Netflix Says It’s Up To Viewers To Decide Whether A New Show Glorifies A Brutal Drug War Or Not
Critics say Amo, which has been described as the Philippines’ answer to Narcos, normalizes a brutal war on drugs that has seen thousands of Filipinos gunned down by police and vigilantes.
Drug policy groups and rights advocates are calling on Netflix to cancel a controversial new show, Amo, that they say normalizes Philippines President Rodrigo Duterte's brutal war on drugs.
Since 2016, at least 4,000 people suspected of using drugs have been killed by police in the Philippines, and human rights researchers say thousands more have been killed by armed vigilantes. Police claim all of the people they have killed violently resisted arrest.
Duterte's campaign has come under heavy criticism both within the Philippines and internationally for its brutality, and the fact that it has targeted impoverished Filipinos, many of whom are suspected drug users rather than dealers. But Duterte's overall approval rating in the Philippines remains high, and there is broad popular support there for the drug war.
Amo, the first production from the Philippines to stream globally as a Netflix Original, follows the story of a high school student named Joseph who sells crystal meth and ends up becoming ensnared by the criminal underworld, set against the backdrop of Duterte's crackdown. During the 13-episode series, which was posted online on April 9, Joseph encounters corrupt cops and officials as well as drug kingpins.
Rights groups say that the series only serves to normalize or even glorify the brutality of the war on drugs.
"It whitewashes the terror that is being inflicted on lives of people in the Philippines, and mainly people living in poverty," said Judy Chang, executive director of the International Network of People who Use Drugs, which has issued an open letter expressing opposition to the series.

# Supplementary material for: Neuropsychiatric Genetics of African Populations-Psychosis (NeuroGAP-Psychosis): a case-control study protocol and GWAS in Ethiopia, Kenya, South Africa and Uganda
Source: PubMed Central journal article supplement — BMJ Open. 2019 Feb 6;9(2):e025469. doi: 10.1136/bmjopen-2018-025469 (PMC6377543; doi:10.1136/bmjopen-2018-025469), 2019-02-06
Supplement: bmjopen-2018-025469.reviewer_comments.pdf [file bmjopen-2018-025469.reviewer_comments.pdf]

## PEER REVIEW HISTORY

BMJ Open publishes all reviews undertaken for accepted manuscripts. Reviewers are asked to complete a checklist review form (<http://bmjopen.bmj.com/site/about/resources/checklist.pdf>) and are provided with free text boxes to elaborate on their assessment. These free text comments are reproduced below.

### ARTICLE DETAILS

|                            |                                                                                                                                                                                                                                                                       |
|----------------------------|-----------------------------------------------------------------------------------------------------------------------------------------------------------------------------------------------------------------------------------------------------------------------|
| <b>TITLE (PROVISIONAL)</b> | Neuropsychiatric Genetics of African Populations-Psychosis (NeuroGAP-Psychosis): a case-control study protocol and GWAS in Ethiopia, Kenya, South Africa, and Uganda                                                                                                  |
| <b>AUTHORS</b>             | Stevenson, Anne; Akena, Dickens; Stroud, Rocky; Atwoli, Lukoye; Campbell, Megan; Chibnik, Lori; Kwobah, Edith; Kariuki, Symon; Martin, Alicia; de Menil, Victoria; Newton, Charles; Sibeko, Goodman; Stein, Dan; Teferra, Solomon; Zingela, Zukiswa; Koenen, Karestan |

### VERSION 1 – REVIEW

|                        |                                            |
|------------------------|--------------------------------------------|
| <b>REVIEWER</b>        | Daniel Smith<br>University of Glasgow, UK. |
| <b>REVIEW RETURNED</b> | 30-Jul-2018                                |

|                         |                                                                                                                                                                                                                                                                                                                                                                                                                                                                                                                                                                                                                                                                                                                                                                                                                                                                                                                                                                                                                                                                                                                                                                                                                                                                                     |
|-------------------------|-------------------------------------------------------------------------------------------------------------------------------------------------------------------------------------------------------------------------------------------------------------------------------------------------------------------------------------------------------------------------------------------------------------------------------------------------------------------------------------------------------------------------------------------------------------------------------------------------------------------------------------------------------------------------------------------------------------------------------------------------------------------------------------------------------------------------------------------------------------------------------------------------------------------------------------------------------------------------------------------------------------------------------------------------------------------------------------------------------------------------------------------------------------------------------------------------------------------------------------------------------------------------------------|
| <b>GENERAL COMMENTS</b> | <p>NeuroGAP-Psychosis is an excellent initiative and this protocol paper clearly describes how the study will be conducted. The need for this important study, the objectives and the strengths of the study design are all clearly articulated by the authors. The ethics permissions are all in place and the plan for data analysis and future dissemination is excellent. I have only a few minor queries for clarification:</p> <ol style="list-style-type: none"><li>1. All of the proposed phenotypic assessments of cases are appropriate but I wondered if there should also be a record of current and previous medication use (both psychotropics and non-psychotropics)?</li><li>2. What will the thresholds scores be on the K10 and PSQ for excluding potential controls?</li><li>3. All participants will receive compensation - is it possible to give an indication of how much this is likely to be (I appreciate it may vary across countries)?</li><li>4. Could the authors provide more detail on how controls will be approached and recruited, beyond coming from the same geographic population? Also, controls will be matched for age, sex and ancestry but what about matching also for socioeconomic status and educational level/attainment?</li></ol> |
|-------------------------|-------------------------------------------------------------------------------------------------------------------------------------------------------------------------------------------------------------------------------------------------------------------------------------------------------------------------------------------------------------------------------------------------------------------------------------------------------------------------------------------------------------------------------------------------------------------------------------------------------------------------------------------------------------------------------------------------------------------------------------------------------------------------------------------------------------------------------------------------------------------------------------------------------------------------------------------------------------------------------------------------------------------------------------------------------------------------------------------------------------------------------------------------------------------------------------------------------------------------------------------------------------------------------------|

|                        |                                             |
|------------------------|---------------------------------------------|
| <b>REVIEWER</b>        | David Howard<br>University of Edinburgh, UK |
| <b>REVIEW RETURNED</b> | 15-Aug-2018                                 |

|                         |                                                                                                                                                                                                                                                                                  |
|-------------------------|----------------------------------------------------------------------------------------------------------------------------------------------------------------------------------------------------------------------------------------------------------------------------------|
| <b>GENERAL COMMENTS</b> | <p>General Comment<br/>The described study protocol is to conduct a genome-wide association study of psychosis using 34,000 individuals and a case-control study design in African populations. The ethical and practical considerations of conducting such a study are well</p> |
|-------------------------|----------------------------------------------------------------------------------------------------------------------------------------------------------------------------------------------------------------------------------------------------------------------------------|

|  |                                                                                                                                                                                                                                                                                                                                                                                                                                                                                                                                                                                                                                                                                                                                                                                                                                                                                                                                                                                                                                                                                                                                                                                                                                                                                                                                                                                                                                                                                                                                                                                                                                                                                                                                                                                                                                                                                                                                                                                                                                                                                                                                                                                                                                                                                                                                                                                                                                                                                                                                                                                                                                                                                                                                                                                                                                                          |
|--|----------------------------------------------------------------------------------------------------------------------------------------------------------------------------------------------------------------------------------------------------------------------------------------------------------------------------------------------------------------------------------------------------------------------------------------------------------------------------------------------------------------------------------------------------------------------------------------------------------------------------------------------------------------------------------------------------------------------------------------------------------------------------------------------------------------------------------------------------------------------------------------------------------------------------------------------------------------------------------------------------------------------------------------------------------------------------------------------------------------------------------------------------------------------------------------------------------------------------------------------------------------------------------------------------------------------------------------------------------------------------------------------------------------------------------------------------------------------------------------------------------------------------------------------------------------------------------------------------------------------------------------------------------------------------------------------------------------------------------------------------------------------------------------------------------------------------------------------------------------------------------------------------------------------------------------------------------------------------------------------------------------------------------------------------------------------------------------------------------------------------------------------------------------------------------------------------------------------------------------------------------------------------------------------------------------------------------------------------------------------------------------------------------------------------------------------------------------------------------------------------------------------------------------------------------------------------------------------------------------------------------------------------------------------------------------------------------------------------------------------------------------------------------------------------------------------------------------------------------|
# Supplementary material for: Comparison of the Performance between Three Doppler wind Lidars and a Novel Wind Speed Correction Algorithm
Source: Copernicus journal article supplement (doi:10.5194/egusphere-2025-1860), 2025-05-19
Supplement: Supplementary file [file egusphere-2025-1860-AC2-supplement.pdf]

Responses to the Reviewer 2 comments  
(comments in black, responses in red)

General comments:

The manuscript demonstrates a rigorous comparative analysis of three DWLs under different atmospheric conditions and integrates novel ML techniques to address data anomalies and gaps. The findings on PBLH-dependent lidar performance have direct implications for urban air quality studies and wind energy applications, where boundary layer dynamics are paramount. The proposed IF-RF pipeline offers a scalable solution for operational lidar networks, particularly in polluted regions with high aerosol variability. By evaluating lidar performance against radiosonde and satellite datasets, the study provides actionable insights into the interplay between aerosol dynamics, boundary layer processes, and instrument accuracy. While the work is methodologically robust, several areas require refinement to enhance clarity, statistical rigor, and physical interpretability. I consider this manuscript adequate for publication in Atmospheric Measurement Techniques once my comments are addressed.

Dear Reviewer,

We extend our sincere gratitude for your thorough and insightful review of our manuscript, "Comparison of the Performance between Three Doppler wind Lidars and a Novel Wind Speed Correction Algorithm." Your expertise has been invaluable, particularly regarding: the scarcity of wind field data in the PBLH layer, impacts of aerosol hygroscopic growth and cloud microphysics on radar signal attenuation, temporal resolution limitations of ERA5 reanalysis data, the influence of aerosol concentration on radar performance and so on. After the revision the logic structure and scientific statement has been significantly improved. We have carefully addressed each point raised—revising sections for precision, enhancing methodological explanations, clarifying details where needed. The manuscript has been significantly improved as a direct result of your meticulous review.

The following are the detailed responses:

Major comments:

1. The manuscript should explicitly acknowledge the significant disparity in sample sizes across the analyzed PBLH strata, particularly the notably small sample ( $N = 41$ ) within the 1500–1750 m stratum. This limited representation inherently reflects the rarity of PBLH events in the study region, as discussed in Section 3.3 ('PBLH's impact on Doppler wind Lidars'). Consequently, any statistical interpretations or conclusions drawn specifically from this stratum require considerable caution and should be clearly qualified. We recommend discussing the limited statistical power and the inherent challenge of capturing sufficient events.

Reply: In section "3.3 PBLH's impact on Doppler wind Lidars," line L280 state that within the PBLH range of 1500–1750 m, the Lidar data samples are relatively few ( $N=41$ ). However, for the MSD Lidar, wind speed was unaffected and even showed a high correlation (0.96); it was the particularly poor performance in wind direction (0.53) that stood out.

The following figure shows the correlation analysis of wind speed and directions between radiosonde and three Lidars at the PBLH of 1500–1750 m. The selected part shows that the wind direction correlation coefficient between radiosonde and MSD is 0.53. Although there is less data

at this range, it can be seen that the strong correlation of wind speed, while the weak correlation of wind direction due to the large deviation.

Brillante Mendoza, one of the best-known directors in the Philippines, has said his show demonstrates "the two sides of the coin."
“The message is that we should all understand that there is a [drugs] situation in the Philippines … and now the government has really got very tough about it,” he told Britain's Daily Telegraph in a recent interview.
Mendoza has previously described the war on drugs as "necessary," and has worked with Duterte on his state-of-the-nation addresses.
Luzviminda Siapo, an overseas worker from the Philippines who is now in Kuwait, started a change.org petition urging Netflix to cancel the show. Nearly 7,000 people signed it in the course of four days.
Siapo's 19-year-old son was gunned down by vigilantes on motorcycles, she said in the petition.
Sanho Tree, a fellow at the Institute for Policy Studies who works on drug policy, said that the stakes for Amo are higher because Duterte's campaign isn't over yet.
"Amo isn't a historical dramatization like Narcos or The Wire. It is about an ongoing, 'eliminationist' slaughter of people who have been marginalized, dehumanized, and deemed unworthy of life," he said. "In that sense, Netflix is guilty of normalizing mass murder in real time."
Asked about the criticism, Netflix said viewers could choose what to watch and not watch.
"Netflix offers a diverse choice for consumers to decide on what, where and when they want to watch," a spokesperson for the company said in an email. "We understand that viewers may have opposing opinions but leave it to them to decide."